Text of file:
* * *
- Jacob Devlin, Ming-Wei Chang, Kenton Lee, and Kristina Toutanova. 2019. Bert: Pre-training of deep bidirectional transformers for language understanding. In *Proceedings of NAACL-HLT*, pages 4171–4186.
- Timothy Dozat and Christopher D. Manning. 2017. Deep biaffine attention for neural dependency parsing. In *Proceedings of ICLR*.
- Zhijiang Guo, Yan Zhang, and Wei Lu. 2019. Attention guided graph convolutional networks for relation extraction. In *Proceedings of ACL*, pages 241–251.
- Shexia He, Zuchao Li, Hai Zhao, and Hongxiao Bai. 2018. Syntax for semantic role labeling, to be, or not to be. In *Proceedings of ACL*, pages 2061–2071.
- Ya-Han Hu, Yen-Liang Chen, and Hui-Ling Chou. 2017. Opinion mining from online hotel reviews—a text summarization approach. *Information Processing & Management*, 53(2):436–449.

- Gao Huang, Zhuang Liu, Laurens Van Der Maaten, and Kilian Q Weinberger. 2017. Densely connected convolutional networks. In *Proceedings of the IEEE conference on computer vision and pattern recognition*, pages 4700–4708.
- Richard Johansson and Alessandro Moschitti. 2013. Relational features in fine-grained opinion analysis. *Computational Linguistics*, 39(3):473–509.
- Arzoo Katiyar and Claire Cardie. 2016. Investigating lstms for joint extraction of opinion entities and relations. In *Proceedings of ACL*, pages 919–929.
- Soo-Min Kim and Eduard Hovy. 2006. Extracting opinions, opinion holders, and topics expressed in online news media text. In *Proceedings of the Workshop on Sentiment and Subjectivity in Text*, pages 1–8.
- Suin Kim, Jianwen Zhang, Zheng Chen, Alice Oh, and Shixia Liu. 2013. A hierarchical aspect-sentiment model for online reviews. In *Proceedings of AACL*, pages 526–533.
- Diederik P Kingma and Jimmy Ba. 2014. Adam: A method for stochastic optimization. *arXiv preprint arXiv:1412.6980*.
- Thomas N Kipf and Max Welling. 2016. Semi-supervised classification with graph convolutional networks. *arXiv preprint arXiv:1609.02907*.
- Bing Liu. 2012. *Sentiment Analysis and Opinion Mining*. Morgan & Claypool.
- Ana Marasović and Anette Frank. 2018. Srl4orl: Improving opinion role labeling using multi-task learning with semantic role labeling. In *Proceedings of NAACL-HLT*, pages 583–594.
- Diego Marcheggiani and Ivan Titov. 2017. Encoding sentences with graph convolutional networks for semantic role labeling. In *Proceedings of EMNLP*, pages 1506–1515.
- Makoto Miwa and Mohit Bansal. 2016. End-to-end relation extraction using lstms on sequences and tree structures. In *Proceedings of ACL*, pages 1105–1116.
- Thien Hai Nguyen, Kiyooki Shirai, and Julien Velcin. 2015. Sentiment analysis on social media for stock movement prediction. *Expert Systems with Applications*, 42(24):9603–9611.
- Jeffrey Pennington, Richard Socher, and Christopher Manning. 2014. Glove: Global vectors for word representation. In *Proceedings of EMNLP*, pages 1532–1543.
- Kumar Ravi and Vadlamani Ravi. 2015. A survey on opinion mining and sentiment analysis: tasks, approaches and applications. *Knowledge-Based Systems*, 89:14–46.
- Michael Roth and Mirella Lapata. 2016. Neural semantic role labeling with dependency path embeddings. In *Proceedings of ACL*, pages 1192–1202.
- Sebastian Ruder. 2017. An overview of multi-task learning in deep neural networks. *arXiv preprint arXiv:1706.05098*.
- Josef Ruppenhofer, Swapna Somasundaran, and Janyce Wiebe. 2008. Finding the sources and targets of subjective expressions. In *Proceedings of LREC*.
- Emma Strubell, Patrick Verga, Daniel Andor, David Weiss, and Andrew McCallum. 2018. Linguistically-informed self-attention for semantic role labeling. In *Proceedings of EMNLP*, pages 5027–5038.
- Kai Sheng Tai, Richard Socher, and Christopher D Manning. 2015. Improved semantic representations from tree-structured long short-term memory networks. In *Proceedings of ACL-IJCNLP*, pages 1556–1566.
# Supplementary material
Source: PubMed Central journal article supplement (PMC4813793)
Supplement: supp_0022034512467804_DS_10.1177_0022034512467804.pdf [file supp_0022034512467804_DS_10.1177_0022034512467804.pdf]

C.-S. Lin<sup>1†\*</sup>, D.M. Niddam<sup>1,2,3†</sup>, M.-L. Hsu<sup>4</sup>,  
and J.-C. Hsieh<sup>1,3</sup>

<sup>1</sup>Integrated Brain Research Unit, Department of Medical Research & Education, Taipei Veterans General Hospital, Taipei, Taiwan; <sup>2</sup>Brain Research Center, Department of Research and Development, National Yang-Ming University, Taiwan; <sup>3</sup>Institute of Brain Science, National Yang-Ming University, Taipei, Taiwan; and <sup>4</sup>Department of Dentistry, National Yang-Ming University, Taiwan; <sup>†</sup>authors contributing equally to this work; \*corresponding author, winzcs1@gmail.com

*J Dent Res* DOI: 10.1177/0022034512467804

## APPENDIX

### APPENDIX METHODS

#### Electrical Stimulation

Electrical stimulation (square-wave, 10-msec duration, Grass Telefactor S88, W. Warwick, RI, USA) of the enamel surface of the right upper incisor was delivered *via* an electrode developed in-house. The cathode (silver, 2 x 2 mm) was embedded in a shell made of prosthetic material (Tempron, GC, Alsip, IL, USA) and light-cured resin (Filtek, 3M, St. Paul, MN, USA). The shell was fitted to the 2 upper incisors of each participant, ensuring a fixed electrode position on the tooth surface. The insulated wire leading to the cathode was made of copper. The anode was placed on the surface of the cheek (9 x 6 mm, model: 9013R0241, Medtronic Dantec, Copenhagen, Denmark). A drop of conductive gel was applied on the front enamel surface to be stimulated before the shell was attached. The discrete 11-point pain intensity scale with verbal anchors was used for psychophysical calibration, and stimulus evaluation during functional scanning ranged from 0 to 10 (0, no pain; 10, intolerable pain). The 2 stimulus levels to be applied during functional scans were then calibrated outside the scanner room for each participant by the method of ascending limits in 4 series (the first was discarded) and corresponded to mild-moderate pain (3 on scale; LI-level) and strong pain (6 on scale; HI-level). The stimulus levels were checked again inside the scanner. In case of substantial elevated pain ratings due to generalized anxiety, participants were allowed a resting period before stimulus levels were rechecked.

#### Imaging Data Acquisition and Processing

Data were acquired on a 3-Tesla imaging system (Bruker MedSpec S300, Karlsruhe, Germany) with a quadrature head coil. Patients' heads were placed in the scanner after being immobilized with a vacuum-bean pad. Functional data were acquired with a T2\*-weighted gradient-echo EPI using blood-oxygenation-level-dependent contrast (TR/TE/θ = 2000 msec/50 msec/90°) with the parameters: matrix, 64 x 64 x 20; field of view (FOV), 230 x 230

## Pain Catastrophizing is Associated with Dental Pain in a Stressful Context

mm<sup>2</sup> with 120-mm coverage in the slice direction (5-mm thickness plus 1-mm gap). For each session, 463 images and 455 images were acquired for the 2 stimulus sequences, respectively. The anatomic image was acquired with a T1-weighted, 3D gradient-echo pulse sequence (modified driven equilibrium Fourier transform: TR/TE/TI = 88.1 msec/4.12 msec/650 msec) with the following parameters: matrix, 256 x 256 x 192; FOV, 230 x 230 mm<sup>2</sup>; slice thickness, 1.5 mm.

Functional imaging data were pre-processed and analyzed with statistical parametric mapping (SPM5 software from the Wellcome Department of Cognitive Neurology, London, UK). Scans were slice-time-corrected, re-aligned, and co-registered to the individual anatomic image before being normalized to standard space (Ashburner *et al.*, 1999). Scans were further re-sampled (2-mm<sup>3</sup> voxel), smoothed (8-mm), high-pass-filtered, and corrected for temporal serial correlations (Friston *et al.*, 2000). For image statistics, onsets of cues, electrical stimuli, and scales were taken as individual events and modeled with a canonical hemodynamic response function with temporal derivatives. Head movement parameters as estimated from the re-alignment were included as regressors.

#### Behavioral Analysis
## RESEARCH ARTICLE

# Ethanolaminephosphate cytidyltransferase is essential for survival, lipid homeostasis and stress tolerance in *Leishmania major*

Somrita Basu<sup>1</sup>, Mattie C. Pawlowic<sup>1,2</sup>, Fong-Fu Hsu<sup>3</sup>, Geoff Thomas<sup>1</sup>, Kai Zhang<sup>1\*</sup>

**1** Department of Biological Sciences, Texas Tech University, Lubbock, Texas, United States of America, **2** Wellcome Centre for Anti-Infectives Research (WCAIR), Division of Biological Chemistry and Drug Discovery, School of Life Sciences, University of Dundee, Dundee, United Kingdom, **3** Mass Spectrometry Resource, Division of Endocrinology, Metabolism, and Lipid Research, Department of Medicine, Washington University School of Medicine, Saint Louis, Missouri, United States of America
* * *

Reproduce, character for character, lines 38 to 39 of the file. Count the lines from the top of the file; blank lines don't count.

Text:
## Pain Catastrophizing is Associated with Dental Pain in a Stressful Context

mm<sup>2</sup> with 120-mm coverage in the slice direction (5-mm thickness plus 1-mm gap). For each session, 463 images and 455 images were acquired for the 2 stimulus sequences, respectively. The anatomic image was acquired with a T1-weighted, 3D gradient-echo pulse sequence (modified driven equilibrium Fourier transform: TR/TE/TI = 88.1 msec/4.12 msec/650 msec) with the following parameters: matrix, 256 x 256 x 192; FOV, 230 x 230 mm<sup>2</sup>; slice thickness, 1.5 mm.